“We definitely found that expecting people to be strategic and make time for category management, under the burden of transactional workflow and tactical activities, without allocating them the time, meant they could not conduct category management well, or properly. This was one of the main challenges we encountered. So we decided to outsource much of the tactical procurement and automate administrative P2P activities. This freed up the time and space they needed, so that they could focus on more high-level strategic work.
The key for leaders is to make sure resource, internal stakeholders, contracts, and external markets are continually managed.”
Capability and mind-set – joining the dots
It is not just technical capabilities that are required for a well-rounded and balanced category management team, behavioural skills and mindset are equally important. So a main challenge for Bilal was to drive change in how the team acts and thinks consistently. “Everyone must understand how to apply the process to be successful. And this must not be a tick-box exercise, but something that becomes embedded in the culture,” he said.
“Getting people on board who are good at joining the dots, people who are entrepreneurial and not just ticking boxes is really important. You want to encourage people to be curious and not to be afraid of making mistakes, but you must be behind them and support them to achieve this, because fear of mistakes stymies innovation. We also found that recruiting people in from other organisations that had already adopted category management was a useful way of setting expectations and introducing a positive influence, this helped instil a cultural change and drive out old habits. (Of course you need help from HR to do this.)”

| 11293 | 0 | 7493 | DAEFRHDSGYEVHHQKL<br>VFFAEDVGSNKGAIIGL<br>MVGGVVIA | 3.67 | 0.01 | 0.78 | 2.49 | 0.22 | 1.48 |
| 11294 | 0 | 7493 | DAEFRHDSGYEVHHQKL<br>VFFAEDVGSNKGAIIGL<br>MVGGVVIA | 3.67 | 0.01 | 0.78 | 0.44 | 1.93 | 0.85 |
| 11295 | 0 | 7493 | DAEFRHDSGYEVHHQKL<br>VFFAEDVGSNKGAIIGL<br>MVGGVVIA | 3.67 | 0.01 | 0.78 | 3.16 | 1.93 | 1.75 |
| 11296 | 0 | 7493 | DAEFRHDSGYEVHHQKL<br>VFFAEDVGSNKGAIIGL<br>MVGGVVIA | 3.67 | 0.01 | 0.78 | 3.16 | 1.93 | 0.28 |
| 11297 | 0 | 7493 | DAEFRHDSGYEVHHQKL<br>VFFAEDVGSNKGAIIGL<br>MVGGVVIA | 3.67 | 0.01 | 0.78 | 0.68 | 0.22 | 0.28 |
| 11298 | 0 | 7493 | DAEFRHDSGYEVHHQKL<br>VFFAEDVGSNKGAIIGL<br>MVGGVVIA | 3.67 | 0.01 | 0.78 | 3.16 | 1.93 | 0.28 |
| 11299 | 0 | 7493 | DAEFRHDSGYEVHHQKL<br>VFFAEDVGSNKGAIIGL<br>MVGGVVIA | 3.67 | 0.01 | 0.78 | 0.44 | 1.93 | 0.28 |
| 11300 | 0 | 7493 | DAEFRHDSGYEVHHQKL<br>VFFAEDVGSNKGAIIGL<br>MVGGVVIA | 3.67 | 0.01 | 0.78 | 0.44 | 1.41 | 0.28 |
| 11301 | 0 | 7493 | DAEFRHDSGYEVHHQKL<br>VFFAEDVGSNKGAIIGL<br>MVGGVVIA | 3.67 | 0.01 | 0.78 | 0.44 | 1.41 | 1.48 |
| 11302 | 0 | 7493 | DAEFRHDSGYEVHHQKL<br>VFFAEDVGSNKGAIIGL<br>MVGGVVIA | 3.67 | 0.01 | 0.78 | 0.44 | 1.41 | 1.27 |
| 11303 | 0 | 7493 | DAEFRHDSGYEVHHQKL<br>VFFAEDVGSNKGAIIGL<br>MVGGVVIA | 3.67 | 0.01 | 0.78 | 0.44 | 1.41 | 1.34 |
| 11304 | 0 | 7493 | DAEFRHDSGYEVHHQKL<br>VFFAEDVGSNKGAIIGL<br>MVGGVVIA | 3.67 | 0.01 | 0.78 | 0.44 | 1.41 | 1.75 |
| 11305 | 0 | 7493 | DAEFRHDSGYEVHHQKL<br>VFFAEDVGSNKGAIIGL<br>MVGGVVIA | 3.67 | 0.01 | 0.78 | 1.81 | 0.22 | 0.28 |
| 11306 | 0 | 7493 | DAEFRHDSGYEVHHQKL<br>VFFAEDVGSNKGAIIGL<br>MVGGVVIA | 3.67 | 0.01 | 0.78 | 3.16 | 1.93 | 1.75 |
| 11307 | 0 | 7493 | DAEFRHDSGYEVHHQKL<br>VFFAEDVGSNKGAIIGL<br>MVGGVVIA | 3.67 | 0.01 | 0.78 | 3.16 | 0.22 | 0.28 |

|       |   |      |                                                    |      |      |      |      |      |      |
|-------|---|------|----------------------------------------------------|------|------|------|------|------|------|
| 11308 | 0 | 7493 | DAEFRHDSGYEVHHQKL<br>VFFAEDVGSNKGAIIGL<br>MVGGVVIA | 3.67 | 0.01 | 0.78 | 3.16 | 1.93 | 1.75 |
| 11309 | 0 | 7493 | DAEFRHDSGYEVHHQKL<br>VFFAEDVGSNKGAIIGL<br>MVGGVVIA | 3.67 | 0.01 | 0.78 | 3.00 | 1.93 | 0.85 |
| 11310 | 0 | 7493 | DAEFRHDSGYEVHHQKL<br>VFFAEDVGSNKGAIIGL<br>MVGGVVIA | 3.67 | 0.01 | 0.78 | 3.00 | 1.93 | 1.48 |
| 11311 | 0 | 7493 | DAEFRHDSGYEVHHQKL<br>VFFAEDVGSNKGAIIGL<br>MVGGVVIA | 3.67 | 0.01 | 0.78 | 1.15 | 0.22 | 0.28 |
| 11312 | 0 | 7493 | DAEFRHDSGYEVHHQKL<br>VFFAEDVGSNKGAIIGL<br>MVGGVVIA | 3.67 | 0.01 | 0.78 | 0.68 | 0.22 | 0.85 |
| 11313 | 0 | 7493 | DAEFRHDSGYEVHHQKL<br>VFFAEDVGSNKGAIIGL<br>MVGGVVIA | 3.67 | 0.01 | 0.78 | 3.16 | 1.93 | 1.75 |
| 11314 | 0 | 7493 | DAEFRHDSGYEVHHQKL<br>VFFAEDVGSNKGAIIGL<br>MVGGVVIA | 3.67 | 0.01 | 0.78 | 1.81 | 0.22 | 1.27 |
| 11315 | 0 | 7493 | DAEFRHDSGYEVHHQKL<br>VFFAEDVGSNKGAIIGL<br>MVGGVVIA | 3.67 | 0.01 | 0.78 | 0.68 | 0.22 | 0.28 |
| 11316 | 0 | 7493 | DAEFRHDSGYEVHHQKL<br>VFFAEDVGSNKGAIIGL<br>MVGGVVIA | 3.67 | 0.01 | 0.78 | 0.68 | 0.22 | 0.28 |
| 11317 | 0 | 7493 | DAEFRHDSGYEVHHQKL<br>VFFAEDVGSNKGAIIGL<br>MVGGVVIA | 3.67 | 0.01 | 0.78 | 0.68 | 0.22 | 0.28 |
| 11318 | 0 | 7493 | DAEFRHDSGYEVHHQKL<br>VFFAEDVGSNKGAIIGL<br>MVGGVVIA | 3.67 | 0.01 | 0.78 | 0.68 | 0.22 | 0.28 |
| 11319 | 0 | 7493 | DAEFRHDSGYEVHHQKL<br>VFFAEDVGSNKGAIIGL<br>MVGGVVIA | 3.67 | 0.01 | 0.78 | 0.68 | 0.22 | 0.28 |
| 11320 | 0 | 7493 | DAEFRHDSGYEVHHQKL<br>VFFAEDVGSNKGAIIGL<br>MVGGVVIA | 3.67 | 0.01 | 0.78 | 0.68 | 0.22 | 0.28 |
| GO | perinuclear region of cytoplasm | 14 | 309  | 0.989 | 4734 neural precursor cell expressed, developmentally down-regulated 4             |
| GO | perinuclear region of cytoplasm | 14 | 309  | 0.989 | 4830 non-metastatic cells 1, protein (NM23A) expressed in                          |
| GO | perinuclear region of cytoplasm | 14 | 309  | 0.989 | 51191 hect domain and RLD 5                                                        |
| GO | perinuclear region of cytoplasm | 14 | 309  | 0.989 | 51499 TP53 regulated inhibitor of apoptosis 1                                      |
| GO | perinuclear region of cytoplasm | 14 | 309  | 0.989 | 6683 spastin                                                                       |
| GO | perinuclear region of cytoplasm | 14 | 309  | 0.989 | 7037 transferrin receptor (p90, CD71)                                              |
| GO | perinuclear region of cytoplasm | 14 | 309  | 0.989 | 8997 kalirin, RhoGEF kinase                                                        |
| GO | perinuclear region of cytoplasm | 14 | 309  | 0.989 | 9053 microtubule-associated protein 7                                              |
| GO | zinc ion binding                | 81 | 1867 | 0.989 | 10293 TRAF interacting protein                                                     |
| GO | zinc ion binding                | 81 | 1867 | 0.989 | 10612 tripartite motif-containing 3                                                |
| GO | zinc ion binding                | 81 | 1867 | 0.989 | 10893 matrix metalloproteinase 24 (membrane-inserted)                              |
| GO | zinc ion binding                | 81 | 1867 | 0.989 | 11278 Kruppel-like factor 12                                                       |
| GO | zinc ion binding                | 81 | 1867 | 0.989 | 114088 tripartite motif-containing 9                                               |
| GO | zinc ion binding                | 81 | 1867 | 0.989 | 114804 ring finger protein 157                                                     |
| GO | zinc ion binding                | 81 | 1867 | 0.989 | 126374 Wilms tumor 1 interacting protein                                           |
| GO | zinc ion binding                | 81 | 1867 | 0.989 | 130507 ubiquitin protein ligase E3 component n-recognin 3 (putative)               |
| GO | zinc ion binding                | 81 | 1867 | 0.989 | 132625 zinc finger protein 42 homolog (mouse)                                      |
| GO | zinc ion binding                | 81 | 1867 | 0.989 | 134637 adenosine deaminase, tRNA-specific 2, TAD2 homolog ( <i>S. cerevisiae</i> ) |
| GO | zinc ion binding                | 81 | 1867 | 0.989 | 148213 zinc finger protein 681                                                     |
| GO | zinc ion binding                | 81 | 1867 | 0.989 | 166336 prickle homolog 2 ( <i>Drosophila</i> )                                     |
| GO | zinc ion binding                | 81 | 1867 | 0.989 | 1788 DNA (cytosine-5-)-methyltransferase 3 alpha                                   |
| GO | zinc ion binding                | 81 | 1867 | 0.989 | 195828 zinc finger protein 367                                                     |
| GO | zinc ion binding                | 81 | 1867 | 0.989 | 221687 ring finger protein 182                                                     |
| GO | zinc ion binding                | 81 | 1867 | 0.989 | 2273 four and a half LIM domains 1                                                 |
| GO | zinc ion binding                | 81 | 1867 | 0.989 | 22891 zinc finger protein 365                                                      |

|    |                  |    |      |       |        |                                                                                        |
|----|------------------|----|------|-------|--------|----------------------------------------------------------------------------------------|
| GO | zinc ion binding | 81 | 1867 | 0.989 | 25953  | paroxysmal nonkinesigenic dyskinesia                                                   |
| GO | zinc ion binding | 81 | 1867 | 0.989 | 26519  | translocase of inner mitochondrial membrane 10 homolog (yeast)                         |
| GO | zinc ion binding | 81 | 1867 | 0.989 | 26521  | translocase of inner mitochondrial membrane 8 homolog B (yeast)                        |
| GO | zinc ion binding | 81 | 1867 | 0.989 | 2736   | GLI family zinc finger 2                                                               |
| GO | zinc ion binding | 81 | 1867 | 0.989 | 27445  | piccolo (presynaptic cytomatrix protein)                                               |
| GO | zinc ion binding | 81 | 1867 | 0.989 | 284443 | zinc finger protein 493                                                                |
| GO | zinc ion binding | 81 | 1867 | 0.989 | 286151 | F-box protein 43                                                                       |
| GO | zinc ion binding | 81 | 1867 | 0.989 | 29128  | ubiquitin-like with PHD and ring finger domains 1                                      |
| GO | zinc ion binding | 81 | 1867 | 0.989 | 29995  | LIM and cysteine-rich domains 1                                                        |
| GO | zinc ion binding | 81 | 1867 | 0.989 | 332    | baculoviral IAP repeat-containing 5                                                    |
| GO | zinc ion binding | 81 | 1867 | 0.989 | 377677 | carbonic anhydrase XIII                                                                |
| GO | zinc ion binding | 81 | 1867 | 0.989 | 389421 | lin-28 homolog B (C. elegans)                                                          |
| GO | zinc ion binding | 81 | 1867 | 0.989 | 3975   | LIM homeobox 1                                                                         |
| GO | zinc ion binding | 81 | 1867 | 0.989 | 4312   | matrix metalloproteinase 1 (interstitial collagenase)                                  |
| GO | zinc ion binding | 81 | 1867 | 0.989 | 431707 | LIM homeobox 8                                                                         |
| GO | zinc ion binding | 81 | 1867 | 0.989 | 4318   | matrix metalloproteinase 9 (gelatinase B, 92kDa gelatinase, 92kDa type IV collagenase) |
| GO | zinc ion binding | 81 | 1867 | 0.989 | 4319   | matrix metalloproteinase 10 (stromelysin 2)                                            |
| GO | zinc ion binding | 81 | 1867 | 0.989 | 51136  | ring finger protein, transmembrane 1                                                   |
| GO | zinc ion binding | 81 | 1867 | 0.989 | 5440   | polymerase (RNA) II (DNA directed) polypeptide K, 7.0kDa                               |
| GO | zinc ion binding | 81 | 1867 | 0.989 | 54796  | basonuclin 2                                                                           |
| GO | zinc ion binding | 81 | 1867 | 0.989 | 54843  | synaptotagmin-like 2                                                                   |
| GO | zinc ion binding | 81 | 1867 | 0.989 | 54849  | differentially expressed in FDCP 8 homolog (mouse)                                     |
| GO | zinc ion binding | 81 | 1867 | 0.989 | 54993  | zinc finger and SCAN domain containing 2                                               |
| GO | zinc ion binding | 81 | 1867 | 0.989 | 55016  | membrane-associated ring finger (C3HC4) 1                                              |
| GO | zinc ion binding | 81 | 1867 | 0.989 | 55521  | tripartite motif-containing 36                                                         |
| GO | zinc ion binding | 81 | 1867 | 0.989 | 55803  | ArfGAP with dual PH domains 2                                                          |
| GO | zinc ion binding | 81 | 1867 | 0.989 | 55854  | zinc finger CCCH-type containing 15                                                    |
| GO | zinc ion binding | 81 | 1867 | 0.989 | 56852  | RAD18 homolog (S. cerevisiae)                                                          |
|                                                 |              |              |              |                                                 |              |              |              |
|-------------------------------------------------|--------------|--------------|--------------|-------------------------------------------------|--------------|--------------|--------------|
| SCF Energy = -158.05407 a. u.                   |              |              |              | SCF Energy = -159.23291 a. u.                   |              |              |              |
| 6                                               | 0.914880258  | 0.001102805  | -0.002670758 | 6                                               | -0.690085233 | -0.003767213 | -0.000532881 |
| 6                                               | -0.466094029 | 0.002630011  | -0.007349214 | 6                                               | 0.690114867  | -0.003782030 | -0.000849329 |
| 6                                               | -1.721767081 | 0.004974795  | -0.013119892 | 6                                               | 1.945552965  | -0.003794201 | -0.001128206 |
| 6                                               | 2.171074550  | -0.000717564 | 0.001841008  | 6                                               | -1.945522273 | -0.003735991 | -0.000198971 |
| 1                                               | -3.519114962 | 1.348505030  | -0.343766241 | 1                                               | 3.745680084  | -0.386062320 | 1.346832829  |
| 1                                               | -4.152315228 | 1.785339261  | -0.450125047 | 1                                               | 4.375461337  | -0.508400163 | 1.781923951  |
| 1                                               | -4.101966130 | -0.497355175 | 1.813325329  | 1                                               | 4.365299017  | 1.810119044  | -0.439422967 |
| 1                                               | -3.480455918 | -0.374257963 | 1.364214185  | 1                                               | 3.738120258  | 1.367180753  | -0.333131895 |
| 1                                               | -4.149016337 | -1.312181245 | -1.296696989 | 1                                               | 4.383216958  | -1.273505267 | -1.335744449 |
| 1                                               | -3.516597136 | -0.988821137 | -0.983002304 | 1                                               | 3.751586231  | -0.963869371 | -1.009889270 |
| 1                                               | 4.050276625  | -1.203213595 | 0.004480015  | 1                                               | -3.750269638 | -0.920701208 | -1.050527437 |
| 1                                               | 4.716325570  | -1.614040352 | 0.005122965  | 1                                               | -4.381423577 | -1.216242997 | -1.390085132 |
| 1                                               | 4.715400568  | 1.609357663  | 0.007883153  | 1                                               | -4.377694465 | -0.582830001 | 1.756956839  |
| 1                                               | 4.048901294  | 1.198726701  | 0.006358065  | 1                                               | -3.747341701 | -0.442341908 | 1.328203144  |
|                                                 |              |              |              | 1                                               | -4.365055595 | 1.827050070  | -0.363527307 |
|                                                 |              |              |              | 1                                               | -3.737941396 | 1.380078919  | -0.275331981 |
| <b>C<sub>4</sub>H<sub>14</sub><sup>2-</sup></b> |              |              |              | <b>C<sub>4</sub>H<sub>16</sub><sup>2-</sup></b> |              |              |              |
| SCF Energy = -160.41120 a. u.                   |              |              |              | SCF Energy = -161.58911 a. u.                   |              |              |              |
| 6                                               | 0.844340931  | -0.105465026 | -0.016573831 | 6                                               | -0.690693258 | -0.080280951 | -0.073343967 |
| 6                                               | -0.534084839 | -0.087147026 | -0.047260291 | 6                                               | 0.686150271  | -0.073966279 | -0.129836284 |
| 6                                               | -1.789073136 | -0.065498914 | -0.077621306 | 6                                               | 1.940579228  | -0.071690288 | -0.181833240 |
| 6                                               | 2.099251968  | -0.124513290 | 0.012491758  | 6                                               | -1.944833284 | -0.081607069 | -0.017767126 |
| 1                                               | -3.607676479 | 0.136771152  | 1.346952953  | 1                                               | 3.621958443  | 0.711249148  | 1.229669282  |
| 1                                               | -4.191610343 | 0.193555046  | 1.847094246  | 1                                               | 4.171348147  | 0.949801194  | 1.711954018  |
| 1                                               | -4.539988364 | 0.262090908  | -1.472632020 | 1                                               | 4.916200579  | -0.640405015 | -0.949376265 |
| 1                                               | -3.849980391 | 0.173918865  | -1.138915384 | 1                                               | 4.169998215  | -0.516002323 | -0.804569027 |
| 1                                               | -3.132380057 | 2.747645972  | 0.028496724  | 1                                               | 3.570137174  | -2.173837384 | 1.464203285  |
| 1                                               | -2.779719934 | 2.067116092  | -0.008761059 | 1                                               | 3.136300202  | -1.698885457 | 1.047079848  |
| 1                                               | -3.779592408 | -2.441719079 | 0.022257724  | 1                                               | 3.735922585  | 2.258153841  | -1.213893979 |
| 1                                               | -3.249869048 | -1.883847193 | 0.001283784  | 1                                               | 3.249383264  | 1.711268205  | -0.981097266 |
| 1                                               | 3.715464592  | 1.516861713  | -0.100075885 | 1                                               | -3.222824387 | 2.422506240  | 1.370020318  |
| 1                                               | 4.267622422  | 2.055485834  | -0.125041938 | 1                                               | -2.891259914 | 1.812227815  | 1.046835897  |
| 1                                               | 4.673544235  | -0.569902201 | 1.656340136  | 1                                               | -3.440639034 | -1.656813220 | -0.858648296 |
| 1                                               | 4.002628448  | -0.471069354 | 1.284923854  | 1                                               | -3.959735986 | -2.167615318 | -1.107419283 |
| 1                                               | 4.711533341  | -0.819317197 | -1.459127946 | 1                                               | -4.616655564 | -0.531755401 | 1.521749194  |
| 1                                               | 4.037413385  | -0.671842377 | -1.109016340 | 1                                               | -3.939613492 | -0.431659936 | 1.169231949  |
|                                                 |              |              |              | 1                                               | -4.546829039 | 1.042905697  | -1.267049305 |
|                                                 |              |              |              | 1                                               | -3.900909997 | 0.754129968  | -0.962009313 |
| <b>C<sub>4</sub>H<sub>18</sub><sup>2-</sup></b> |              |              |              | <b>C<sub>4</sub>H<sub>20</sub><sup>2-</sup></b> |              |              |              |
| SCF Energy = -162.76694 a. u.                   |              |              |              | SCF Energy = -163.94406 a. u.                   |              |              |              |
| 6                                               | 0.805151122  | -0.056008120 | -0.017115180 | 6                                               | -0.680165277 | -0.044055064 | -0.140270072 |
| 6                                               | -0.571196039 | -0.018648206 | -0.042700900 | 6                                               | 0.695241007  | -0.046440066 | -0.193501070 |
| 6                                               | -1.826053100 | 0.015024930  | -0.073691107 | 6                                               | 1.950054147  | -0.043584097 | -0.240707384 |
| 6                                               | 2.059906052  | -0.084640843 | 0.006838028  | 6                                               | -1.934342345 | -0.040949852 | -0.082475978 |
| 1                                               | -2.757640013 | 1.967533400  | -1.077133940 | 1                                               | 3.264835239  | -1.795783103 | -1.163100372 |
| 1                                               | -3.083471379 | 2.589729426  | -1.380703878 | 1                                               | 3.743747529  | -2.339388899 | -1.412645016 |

Process and technology – eat what you cook
A ‘fit-for-purpose’ process and toolkit, which is frequently reviewed, is essential, but it must be company-aligned. It should show the key activities, include how-to guides, and contain templates to document thinking and create output. Consistency and standardisation are the keywords.
Bilal used a third party to create the toolkit, and got the team to both use and develop it. In his model, he separates strategic development from implementation. And that worked – “It created an ongoing learning ethos,” he said.
“I believe in ‘eating what you cook’ so our category managers have combined responsibility for strategy development alongside implementation and results. This minimises handovers and accountability issues. Their exact activities and scope varies by category as the level of expertise varies in the business from category to category,” which makes sense.
“In terms of process and tools, we were very disciplined in our use of templates, this ensured teams delivered consistent strategy creation with stakeholders. More than that, they learnt how those processes turned into delivering business success.”
When consistency is embedded in the category management process, it ultimately translates into reduced risk, better supplier management and therefore service levels, and increased revenues; the very indicators on which success is measured.
Former Group Chief Procurement Officer at Centrica.